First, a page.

But if you’re the kind of person who can stick to the program regardless of how slowly it starts, you might be a candidate for paying off the highest interest first. You won’t see the quick results; but you’ll have the satisfaction of knowing you are making slow, steady progress toward the debt-free life. And, importantly with this method, you’ll be paying less overall in interest.

What worked for me?

I realized that, although I hadn’t been all that successful at the weight-loss effort, I did feel motivated by even tiny early successes. I knew that in other things in my life, I had stuck with it when I saw immediate results.

The point of all this psycho-rambling is simple: There is no one-style-fits-all approach to killing debt. What works best for you may not be what works best for your friend, neighbor or co-worker. And your own failure to kill the debt might just be linked to who you are and what your goal-reaching personality is.

But it doesn’t matter if the job gets done, right?

Reminder: This is a story from one of your fellow readers. Please be nice. It can be scary to put your story out in public for the first time. Remember that this guest author isn’t a paid or professional writer and is just learning about money like you are. Unduly nasty comments on readers stories will be removed.


This article is by editor Linda Vergon.

About four years ago, Breezy and her husband opened a checking account at their local credit union so they could save for car-related payments – insurance, gas, repairs, and the like. They liked how it allowed them to separate these expenses from the rest of their spending. Soon, they established more funds.

Right now, she and her husband have four sinking funds and she is considering adding another. The way they currently have their accounts divided is:

  1. Celebrations (holidays, birthdays, weddings, etc) – checking account with credit union
  2. Car repairs (and eventual car replacement) – checking account with credit union
  3. Medical expenses – HSA account
  4. Home improvement – savings account at a bank.

But managing the different funds is becoming a bit of a nightmare. Sometimes she finds that too much has built up in the car repairs account and there’s not enough in the home improvements account, so she often borrows from one account to take care of an expense in the other. In addition, she has a new goal.

“However, now I feel the need for more sinking funds to save up for some larger expenses, such as a vacation or a new car, but I’d rather avoid having five different accounts. I was wondering how other readers might manage this situation. I would like to add a vacation account for a trip that we are planning to take in about two years. But, I’m not sure [about] what is the best way to save up for that expense.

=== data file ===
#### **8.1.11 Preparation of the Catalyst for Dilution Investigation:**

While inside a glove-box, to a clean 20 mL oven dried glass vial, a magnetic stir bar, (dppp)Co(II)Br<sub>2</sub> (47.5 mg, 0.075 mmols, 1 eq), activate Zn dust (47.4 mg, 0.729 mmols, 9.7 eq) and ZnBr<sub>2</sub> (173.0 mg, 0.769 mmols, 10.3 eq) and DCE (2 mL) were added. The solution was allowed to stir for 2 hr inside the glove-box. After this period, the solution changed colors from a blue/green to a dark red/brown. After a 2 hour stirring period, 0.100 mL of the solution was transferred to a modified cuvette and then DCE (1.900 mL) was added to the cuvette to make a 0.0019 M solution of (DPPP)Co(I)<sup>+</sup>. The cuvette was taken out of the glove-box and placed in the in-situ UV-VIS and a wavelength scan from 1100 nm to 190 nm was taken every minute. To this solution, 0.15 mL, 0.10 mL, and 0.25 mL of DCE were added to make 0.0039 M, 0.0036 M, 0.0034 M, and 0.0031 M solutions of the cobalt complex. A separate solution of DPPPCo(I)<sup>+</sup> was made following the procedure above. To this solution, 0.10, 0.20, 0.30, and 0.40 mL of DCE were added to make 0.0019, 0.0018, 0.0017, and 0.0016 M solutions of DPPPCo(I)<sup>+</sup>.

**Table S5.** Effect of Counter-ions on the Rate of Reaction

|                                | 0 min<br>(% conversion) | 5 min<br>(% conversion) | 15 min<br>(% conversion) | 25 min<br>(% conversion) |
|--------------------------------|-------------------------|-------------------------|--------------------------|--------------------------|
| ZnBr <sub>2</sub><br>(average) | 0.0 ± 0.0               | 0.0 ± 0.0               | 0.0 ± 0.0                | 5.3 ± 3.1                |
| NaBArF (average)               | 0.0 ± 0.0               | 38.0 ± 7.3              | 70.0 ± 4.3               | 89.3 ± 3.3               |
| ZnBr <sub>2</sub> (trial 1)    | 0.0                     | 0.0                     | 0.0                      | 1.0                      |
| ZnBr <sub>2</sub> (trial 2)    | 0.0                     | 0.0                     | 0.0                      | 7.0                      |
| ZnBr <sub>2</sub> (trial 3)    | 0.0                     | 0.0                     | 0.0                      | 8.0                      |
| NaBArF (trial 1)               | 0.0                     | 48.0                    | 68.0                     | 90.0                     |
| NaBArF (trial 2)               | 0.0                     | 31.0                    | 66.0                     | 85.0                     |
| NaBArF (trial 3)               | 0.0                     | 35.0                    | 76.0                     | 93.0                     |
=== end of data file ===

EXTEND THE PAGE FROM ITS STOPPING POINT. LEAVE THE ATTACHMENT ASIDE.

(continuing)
“How can I determine a healthy balance for each area? Is it best to keep the balance in a savings account, checking account, cash, or other?”

When Andrea wrote asking how much to keep in an emergency fund, J.D. Roth’s advice was to “do what works for you. There is no one right answer. Examine your situation – your income and your needs – to decide how much you should save.” And in the comments, Dylan also had a good suggestion for how to determine a healthy balance:

“Here is an easy (maybe even fun) way to ‘crash test’ your finances. Make a copy of your Quicken, Money, Excel worksheet, or grab a blank check book register and simulate emergencies. Try injuries, illness, job loss, car gets stolen, day care evaporates, part of your house requires repairs, legal fees to mount a defense, whatever you can think of. You may need to do a little research, but this can help give you a sense of what your cash flow needs might actually be so you can plan accordingly.”

As for the best type of account to use, Breezy says they do not use an online bank currently, but they are open to the idea if that’s an easier way to manage multiple funds. Once she establishes the “healthy balance” for each fund, she could build funds in an online account and then transfer amounts over to a certificate of deposit (CD) periodically, staggering the terms so they mature at the right time. This suggestion is a little more complex; but for her trouble, she’ll probably earn a little better interest over the next two years.

How do you determine how much to save, and how do you manage multiple sinking funds? What type of account should she use to save up for her vacation?